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From Wikipedia, the free encyclopedia

Horace Albert "Nook" Barker (November 29, 1907 – December 24, 2000) was an American biochemist and microbiologist who studied the operation of biological and chemical processes in plants, humans and other animals, including using radioactive tracers to determine the role enzymes play in synthesizing sucrose. He was recognized with the National Medal of Science for his role in identifying an active form of Vitamin B12.

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Early life and education

Barker was born on November 29, 1907 in Oakland, California. He moved with his family to Palo Alto, California when he was 11 years old. He spent a year in Germany following high school, learning the German language and absorbing its culture. He attended Stanford University, graduating in 1929 with a bachelor's degree in physical science and was awarded a Ph.D. in chemistry in 1933.[1]

After graduating from Stanford, he performed a two-year postgraduate fellowship at the Hopkins Marine Station under the supervision of microbiologist C. B. van Niel, who fostered Barker's interest in botany and taught him techniques for isolating microorganisms. He then spent a year at the Delft Microbiology Laboratory in the Netherlands under Albert Kluyver.[1]

University of California

Barker was hired in 1936 by the University of California, Berkeley to teach soil microbiology. He was part of a team that developed the use of Carbon-14 as a radioactive tracer, using the technique in 1944 to show how sucrose is synthesized in living cells by enzymes.[2]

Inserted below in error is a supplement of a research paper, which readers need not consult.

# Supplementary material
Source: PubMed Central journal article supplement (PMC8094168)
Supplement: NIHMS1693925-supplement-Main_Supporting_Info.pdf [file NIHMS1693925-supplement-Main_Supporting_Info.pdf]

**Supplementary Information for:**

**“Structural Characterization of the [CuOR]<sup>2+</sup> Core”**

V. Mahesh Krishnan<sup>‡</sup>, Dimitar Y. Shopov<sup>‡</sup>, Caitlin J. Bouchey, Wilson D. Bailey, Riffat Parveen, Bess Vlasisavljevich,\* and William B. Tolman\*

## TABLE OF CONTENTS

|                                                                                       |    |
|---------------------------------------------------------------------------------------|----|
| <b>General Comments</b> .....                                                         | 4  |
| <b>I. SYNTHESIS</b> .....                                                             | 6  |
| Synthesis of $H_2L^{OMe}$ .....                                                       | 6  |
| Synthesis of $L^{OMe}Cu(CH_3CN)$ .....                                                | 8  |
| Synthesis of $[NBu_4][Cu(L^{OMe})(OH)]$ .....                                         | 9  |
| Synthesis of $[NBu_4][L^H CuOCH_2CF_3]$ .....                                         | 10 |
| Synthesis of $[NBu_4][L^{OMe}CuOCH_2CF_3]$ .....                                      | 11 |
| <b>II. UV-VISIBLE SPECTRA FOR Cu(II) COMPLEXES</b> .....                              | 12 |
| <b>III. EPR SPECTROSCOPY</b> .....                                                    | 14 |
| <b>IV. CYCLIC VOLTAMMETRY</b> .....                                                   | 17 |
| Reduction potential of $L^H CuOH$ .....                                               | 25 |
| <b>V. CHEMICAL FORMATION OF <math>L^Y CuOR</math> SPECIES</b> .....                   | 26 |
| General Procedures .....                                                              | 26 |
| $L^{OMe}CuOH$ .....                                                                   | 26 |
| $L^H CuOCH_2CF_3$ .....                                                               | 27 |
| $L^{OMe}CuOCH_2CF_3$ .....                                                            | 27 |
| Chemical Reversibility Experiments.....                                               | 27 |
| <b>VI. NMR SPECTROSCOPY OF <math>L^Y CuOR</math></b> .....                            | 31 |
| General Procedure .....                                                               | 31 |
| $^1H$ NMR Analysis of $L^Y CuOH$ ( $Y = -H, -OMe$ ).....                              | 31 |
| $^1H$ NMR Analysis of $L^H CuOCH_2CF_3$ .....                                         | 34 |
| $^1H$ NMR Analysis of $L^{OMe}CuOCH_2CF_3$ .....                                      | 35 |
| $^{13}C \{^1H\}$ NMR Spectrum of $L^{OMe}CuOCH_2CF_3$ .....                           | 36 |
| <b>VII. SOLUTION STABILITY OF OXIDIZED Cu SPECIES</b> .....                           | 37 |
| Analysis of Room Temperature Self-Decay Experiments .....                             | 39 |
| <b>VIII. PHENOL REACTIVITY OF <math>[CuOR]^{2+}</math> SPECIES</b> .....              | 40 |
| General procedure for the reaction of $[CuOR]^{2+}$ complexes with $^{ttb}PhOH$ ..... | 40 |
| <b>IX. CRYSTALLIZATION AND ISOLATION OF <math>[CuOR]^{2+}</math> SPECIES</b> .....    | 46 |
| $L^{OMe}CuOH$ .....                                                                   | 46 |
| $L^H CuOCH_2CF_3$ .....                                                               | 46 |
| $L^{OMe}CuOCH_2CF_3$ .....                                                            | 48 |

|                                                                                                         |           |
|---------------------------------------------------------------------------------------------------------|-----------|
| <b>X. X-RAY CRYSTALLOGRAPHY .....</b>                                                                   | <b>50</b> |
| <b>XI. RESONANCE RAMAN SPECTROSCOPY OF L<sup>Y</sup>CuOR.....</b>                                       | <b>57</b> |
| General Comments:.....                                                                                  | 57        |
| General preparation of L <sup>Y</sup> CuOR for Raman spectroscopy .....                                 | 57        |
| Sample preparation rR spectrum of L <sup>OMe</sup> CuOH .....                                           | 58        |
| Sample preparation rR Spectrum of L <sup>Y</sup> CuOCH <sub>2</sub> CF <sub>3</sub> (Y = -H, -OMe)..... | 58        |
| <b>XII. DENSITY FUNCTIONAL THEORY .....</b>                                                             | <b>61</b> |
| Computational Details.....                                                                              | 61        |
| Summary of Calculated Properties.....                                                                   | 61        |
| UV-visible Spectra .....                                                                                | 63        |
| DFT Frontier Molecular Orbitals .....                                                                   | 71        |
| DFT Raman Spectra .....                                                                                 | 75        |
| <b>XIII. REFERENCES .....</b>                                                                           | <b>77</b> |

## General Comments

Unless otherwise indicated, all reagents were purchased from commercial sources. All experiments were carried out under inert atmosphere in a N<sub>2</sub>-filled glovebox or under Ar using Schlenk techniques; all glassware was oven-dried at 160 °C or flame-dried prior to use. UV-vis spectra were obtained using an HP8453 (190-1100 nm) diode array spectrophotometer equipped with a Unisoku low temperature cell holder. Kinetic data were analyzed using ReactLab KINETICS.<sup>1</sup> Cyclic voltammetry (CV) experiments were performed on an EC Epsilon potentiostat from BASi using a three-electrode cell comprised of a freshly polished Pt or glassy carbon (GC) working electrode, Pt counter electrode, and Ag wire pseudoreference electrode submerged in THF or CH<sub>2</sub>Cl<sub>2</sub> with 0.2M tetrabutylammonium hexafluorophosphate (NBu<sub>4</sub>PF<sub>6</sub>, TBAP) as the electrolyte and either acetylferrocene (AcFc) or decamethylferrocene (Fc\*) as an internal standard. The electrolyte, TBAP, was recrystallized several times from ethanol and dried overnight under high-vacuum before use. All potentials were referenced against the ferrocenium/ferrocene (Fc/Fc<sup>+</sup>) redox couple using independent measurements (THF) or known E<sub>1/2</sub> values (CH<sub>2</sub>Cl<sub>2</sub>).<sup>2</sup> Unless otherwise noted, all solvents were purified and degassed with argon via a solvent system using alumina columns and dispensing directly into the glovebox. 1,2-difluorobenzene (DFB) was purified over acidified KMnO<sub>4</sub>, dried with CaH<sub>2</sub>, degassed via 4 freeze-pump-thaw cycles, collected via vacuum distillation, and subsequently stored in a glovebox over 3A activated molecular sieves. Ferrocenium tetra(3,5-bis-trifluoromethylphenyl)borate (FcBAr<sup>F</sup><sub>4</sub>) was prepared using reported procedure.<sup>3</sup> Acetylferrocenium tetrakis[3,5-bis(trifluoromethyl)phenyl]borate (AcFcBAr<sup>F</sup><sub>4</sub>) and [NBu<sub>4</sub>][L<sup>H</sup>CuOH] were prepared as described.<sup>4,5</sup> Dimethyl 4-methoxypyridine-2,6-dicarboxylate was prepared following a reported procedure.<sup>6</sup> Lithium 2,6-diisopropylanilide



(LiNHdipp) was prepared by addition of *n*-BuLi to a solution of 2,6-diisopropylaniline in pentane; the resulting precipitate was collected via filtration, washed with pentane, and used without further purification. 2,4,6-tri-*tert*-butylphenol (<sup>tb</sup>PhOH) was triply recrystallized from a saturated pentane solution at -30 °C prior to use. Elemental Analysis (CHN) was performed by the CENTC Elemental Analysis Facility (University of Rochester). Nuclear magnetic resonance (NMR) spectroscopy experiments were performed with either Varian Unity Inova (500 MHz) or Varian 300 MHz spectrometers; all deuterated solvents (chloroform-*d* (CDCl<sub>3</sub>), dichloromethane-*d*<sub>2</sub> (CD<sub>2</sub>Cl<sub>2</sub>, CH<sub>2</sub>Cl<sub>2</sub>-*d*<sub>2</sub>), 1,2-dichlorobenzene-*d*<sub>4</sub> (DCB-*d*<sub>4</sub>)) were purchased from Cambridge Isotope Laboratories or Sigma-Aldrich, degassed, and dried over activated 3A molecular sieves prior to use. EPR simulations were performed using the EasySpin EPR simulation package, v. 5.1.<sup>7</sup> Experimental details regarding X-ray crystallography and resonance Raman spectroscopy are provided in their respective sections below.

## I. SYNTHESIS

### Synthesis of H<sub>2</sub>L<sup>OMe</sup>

Research led by Barker during the 1950s provided insights into the uses of vitamin B12 in the body using bacterium he had isolated from mud taken from San Francisco Bay. By 1959, through documenting the metabolic flow of the vitamin B12 coenzyme, Barker was able to show its role in the body, helping to explain various diseases, such as pernicious anemia, one of a series of conditions resulting from vitamin B12 deficiency.[2] In a White House ceremony held on January 17, 1969, U.S. President Lyndon Johnson awarded Barker with the National Medal of Science "[f]or his profound study of the chemical activities of microorganisms, including the unraveling of fatty acid metabolism and the discovery of the active coenzyme form of vitamin B12."[3]

When the department of biochemistry was established in 1959, he was named as a professor there. He served as the department's chairman in the 1960s, and continued work there for more than a decade after retiring in 1975 when he became an emeritus professor. He was elected to the American Academy of Arts and Sciences and the United States National Academy of Sciences.[2]

Personal

A resident of Berkeley, California, Barker died at age 93 on December 24, 2000, due to heart failure at his home there. He was survived by two daughters, a son and four grandchildren. He had been married for 62 years to his wife, the former Margaret McDowell, at the time of her death in 1995.[2]

References

Research resources

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